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Buzz, Sting, Bite: Why We Need Insects

July 15, 2019

An enthusiastic, witty, and informative introduction to the world of insects and why we—and the planet we inhabit—could not survive without them.


"There are more than 200 million insects for every human being living on the planet today. As you sit reading this sentence, between 1 quadrillion and 10 quadrillion insects are shuffling and crawling and flapping around on the planet, outnumbering the grains of sand on all the world’s beaches. Like it or not, they have you surrounded, because Earth is the planet of the insects."—Anne Sverdrup-Thygeson


An enthusiastic, witty, and informative introduction to the world of insects and why we—and the planet we inhabit—could not survive without them.

Insects comprise roughly half of the animal kingdom. They live everywhere—deep inside caves, 18,000 feet high in the Himalayas, inside computers, in Yellowstone’s hot springs, and in the ears and nostrils of much larger creatures. There are insects that have ears on their knees, eyes on their penises, and tongues under their feet. Most of us think life would be better without bugs. In fact, life would be impossible without them.

Most of us know that we would not have honey without honeybees, but without the pinhead-sized chocolate midge, cocoa flowers would not pollinate. No cocoa, no chocolate. The ink that was used to write the Declaration of Independence was derived from galls on oak trees, which are induced by a small wasp. The fruit fly was essential to medical and biological research experiments that resulted in six Nobel prizes. Blowfly larva can clean difficult wounds; flour beetle larva can digest plastic; several species of insects have been essential to the development of antibiotics. Insects turn dead plants and animals into soil. They pollinate flowers, including crops that we depend on. They provide food for other animals, such as birds and bats. They control organisms that are harmful to humans. Life as we know it depends on these small creatures.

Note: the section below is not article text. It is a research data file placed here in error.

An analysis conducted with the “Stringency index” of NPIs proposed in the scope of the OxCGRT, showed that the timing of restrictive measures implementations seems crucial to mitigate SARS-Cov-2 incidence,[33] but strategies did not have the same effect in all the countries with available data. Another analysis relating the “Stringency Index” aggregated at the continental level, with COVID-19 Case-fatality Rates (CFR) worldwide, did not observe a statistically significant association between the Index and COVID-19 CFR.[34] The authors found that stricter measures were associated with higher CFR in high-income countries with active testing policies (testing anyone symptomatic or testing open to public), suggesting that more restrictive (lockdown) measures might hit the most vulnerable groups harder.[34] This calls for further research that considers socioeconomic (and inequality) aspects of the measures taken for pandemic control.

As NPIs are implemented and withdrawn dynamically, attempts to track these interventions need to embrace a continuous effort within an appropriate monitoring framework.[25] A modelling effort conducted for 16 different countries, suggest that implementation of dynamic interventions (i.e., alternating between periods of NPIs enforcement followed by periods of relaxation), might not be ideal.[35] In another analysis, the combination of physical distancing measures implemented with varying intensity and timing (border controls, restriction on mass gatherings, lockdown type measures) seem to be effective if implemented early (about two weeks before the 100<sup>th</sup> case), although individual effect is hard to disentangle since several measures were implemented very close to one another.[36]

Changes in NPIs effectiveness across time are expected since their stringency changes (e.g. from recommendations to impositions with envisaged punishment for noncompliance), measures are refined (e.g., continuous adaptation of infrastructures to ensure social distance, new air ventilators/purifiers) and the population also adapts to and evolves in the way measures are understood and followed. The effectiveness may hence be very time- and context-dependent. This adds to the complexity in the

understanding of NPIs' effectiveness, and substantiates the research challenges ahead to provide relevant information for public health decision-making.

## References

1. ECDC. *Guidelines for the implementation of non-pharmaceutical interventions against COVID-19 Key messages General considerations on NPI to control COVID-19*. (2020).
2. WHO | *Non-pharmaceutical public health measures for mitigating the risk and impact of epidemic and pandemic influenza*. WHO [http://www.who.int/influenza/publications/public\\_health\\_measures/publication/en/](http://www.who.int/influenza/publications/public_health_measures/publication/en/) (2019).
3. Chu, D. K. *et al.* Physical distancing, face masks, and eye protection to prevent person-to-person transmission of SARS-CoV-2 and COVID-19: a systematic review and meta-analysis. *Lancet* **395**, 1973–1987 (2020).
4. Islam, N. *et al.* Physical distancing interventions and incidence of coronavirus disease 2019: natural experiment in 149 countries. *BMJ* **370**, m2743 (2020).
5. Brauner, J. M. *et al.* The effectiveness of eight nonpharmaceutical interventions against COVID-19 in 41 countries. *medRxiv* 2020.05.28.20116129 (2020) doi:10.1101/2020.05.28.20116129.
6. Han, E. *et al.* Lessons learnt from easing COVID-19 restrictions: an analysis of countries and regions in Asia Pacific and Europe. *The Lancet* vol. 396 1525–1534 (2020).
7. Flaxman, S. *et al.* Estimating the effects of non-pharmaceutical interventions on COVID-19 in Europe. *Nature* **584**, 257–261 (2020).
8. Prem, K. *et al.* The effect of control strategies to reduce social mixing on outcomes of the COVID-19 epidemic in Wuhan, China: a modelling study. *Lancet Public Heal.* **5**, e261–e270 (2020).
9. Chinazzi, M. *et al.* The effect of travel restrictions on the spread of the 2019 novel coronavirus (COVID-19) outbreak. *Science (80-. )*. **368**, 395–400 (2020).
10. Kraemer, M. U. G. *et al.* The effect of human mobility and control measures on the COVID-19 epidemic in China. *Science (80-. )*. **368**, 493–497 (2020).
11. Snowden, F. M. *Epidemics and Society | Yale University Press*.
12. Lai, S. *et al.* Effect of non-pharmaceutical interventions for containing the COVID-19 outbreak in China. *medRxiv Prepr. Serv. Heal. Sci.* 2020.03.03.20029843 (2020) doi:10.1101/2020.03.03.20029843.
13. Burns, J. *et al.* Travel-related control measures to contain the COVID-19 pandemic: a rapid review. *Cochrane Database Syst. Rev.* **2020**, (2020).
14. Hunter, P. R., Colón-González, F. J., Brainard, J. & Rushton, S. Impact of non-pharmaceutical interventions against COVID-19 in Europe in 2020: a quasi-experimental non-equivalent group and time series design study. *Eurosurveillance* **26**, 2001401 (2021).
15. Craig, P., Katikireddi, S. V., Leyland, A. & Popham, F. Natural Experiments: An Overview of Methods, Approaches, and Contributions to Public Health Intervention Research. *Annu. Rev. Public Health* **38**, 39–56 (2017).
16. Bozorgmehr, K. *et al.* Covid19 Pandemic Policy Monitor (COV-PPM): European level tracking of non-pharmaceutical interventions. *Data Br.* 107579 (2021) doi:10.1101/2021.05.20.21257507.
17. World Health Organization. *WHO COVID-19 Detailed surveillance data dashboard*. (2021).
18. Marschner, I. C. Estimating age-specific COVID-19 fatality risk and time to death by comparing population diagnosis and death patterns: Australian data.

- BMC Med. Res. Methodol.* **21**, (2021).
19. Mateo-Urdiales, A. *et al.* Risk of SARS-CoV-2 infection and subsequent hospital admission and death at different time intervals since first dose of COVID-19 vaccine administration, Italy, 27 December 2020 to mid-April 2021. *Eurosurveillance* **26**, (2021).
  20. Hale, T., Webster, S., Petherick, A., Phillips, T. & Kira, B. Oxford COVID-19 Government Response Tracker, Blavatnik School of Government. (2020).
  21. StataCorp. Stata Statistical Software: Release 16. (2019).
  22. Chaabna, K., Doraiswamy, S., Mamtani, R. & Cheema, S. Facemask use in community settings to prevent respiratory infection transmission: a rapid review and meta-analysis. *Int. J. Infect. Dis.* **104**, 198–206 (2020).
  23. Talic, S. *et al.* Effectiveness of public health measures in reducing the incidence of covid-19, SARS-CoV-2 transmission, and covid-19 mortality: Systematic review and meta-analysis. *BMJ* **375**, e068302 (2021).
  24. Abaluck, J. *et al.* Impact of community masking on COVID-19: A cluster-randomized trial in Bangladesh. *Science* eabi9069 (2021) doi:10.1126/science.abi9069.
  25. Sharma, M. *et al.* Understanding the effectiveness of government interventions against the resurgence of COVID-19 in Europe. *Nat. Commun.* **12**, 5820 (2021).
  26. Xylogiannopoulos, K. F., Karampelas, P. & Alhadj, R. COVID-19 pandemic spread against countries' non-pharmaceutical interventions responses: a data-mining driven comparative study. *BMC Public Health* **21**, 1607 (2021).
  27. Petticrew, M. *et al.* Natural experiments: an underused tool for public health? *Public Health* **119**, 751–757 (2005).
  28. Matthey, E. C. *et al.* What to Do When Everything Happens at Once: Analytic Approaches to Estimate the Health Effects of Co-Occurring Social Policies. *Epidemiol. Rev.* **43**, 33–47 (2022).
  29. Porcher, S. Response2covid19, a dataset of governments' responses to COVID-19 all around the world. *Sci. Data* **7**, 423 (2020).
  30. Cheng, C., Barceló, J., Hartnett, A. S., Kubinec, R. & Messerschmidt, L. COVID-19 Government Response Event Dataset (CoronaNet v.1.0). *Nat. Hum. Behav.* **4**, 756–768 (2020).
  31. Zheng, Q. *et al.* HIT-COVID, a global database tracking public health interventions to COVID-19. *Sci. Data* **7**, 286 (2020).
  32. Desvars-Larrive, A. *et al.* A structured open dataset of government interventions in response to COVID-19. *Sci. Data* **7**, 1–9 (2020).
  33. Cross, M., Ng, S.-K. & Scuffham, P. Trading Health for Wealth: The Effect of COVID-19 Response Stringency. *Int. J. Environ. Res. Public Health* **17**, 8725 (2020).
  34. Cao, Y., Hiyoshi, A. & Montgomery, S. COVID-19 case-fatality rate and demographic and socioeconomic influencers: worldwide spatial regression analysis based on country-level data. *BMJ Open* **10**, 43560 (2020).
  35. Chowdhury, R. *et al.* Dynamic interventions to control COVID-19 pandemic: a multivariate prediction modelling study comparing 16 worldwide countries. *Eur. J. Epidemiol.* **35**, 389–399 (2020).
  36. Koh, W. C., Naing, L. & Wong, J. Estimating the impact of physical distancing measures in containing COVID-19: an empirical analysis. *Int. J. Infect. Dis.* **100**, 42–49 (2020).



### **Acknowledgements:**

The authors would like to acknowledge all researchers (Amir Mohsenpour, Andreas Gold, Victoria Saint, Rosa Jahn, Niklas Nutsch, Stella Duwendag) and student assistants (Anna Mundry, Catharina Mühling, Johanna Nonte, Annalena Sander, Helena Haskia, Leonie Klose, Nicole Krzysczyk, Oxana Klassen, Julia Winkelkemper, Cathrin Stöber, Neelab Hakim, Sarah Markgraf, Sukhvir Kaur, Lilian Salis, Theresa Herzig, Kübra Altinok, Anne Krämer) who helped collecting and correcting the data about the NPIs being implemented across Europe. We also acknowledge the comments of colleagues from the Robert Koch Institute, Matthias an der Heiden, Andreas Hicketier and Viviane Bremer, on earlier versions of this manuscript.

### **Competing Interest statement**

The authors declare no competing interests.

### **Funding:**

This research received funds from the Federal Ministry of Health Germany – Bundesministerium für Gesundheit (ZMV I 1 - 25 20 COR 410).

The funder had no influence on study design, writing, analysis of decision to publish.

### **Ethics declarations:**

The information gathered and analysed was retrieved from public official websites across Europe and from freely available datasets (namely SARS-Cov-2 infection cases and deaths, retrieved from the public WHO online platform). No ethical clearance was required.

With ecologist Anne Sverdrup-Thygeson as our capable, entertaining guide into the insect world, we’ll learn that there is more variety among insects than we can even imagine and the more you learn about insects, the more fascinating they become. Buzz, Sting, Bite is an essential introduction to the little creatures that make the world go round.


"Insects have survived five rounds of mass extinction. The dinosaurs first staggered out into the world after the third of those, around 240 million years ago. So next time you catch yourself thinking how irritating an insect is, bear in mind that this animal class has been on the planet since long before the dinosaurs. That alone merits a little respect, if you ask me." —Anne Sverdrup-Thygeson


ABOUT THE AUTHOR

Anne Sverdrup-Thygeson is a professor at the Norwegian University of Life Sciences near Oslo and a scientific advisor to the Norwegian Institute for Nature Research. She holds a doctorate in conservation biology and teaches nature management and forest ecology. The author of Buzz, Sting, Bite, Anne is also an ultra-marathon runner.

 

This book giveaway is being brought to you by Simon & Schuster. They have made 20 copies available.

 

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